Harvard Scientists Pinpoint Protein Key to Hearing and Balance A 40-year quest has borne fruit: Researchers from Harvard Medical School claim to have discovered the specific sensor protein responsible for hearing and balance. Published in the journal Neuron, the report names a protein (TMC1) discovered in 2002 as the protein that converts sound and head movement into electrical signals ... Research in Brief
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Research in Brief  |   November 01, 2018
Harvard Scientists Pinpoint Protein Key to Hearing and Balance
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Hearing & Speech Perception / Research in Brief
Research in Brief   |   November 01, 2018
Harvard Scientists Pinpoint Protein Key to Hearing and Balance
The ASHA Leader, November 2018, Vol. 23, 11. doi:10.1044/leader.RIB4.23112018.11
The ASHA Leader, November 2018, Vol. 23, 11. doi:10.1044/leader.RIB4.23112018.11
Published in the journal Neuron, the report names a protein (TMC1) discovered in 2002 as the protein that converts sound and head movement into electrical signals that travel to the brain.
The research team found that TMC1 proteins assemble in pairs to form sound-activated pores, or ion channels, required for auditory and vestibular transduction in inner-ear hair cells. Using living hair cells of mice, the team substituted TMC1 for 17 amino acids, one at a time, to examine how each one affected the cells’ response to sound and flow of ions.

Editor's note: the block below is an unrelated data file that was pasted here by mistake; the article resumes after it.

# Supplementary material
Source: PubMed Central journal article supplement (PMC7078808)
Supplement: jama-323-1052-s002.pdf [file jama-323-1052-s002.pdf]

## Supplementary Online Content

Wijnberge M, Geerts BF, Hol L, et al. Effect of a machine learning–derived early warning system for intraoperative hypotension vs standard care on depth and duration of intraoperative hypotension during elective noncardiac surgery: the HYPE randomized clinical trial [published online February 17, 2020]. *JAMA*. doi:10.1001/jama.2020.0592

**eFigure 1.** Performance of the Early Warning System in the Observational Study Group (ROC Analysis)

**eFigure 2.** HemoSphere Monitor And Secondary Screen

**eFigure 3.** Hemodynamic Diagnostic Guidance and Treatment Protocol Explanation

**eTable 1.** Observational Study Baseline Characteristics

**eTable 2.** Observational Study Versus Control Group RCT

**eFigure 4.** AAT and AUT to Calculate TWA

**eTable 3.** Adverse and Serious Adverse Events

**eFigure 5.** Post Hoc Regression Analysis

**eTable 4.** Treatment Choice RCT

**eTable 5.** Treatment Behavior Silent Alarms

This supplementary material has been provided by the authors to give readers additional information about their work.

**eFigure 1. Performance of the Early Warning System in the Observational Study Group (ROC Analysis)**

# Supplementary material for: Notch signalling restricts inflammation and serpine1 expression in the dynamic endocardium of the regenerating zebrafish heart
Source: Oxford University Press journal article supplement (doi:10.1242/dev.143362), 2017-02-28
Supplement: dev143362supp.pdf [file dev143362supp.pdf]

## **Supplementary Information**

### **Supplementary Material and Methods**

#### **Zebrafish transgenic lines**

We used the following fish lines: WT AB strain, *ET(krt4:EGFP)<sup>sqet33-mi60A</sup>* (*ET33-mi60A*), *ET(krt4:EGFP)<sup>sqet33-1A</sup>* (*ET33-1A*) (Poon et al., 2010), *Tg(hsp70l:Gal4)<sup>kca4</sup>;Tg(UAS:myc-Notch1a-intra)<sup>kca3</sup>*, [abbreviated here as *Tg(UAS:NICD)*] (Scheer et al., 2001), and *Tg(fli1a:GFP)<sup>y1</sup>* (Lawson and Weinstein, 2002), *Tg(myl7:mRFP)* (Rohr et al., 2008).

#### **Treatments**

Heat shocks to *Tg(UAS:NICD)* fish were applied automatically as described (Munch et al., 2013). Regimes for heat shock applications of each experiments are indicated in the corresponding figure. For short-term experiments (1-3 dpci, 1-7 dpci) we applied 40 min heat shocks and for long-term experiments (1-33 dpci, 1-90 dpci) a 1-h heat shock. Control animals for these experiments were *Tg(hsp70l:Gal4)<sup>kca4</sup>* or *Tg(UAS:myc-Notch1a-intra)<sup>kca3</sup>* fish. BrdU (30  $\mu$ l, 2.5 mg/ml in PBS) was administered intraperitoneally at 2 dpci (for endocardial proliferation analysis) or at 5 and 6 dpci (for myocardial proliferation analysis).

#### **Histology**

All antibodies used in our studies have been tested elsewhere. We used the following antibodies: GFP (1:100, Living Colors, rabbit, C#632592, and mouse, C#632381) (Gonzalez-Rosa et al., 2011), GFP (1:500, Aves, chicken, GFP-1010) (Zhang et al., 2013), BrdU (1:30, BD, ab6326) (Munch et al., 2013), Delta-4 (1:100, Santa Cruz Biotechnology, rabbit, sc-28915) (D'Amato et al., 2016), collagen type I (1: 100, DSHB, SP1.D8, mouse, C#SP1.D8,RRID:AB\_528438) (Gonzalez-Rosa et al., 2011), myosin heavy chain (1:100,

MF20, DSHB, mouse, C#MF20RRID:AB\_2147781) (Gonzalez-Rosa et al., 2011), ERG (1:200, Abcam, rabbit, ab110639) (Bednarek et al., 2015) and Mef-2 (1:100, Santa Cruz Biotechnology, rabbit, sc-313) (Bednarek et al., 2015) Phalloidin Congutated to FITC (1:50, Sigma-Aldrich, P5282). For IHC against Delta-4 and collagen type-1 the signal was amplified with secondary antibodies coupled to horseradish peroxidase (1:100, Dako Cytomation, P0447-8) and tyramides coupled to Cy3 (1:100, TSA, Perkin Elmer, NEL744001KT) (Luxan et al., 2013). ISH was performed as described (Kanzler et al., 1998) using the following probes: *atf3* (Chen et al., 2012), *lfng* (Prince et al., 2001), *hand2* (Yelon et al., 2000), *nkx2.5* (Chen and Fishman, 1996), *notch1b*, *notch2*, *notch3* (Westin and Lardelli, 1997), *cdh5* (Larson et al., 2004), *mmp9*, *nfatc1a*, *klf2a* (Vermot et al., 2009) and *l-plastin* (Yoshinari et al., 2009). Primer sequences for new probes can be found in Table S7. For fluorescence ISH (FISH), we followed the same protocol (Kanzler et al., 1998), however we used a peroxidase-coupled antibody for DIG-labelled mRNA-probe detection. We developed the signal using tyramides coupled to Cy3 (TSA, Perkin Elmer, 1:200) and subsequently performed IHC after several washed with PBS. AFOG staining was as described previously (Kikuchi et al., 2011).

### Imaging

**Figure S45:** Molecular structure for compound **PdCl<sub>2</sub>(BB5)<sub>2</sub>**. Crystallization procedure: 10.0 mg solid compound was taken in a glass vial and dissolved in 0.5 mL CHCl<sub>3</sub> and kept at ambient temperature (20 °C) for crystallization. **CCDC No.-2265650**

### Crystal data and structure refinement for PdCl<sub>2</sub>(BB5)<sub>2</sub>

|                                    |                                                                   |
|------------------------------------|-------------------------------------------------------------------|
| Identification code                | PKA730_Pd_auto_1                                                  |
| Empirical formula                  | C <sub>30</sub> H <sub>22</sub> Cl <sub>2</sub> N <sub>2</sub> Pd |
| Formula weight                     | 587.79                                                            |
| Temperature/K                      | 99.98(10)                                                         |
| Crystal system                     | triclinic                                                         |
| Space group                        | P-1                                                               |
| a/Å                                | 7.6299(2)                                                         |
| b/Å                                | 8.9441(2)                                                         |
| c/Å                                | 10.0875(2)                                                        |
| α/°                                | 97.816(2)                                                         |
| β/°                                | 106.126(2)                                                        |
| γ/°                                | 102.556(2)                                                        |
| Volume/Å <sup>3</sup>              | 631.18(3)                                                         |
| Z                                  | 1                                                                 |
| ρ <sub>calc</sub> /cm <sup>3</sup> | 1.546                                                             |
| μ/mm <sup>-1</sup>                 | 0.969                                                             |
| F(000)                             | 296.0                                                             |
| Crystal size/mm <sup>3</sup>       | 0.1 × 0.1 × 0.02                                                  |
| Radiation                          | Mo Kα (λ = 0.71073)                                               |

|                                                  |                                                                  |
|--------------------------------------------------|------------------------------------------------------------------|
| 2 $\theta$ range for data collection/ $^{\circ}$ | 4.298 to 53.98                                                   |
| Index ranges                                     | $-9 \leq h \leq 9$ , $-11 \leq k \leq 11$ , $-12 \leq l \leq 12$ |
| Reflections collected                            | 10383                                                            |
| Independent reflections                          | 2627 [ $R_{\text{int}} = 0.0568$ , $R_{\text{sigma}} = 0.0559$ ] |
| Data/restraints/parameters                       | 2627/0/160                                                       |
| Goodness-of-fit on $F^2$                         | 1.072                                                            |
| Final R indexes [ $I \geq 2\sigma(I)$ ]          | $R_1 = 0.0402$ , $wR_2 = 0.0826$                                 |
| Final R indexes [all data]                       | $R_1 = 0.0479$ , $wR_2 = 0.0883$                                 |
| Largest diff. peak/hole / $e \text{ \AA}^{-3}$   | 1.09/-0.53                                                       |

The report names a protein (TMC1) discovered in 2002 as the protein that converts sound and head movement into electrical signals that travel to the brain.

Multiple TMC1 amino acid sites affected ion flow, which, according to the researchers, demonstrates that TMC1 residues are part of the permeation pathway for hair cell sensory transduction channels. The finding confirms the precise location of the pore that normally allows calcium and potassium influx to initiate signal transmission.
“To design optimal treatments for hearing loss, we need to know the molecules and their structures where disease-causing malfunctions arise, and our findings are an important step in that direction,” says co-senior author Jeffrey Holt, Harvard Medical School professor of otolaryngology and of neurology at Boston Children’s Hospital.
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November 2018
Volume 23, Issue 11